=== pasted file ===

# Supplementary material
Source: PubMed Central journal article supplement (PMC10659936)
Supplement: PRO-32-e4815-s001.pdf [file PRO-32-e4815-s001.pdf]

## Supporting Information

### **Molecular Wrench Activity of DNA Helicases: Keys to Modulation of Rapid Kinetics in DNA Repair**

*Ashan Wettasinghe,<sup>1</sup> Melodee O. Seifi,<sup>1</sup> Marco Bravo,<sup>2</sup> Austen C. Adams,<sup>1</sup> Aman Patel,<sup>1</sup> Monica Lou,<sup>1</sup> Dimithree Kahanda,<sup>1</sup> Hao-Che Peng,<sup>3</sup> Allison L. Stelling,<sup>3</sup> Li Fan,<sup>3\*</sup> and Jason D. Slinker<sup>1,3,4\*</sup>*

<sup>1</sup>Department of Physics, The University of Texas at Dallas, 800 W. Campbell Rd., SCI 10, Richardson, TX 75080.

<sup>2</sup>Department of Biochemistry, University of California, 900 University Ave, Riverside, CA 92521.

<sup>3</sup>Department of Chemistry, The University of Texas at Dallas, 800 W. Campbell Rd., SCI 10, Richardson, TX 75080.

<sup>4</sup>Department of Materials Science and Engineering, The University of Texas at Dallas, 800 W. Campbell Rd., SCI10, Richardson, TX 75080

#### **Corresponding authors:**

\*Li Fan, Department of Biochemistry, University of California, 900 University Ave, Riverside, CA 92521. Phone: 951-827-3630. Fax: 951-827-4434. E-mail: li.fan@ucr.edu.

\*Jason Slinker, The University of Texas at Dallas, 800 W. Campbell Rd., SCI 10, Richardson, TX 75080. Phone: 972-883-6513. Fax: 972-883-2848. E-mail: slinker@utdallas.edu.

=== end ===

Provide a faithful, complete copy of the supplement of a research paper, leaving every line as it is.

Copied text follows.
# Supplementary material
Source: PubMed Central journal article supplement (PMC10659936)
Supplement: PRO-32-e4815-s001.pdf [file PRO-32-e4815-s001.pdf]

## Supporting Information

### **Molecular Wrench Activity of DNA Helicases: Keys to Modulation of Rapid Kinetics in DNA Repair**

*Ashan Wettasinghe,<sup>1</sup> Melodee O. Seifi,<sup>1</sup> Marco Bravo,<sup>2</sup> Austen C. Adams,<sup>1</sup> Aman Patel,<sup>1</sup> Monica Lou,<sup>1</sup> Dimithree Kahanda,<sup>1</sup> Hao-Che Peng,<sup>3</sup> Allison L. Stelling,<sup>3</sup> Li Fan,<sup>3\*</sup> and Jason D. Slinker<sup>1,3,4\*</sup>*

<sup>1</sup>Department of Physics, The University of Texas at Dallas, 800 W. Campbell Rd., SCI 10, Richardson, TX 75080.

<sup>2</sup>Department of Biochemistry, University of California, 900 University Ave, Riverside, CA 92521.

<sup>3</sup>Department of Chemistry, The University of Texas at Dallas, 800 W. Campbell Rd., SCI 10, Richardson, TX 75080.

<sup>4</sup>Department of Materials Science and Engineering, The University of Texas at Dallas, 800 W. Campbell Rd., SCI10, Richardson, TX 75080

#### **Corresponding authors:**

\*Li Fan, Department of Biochemistry, University of California, 900 University Ave, Riverside, CA 92521. Phone: 951-827-3630. Fax: 951-827-4434. E-mail: li.fan@ucr.edu.

\*Jason Slinker, The University of Texas at Dallas, 800 W. Campbell Rd., SCI 10, Richardson, TX 75080. Phone: 972-883-6513. Fax: 972-883-2848. E-mail: slinker@utdallas.edu.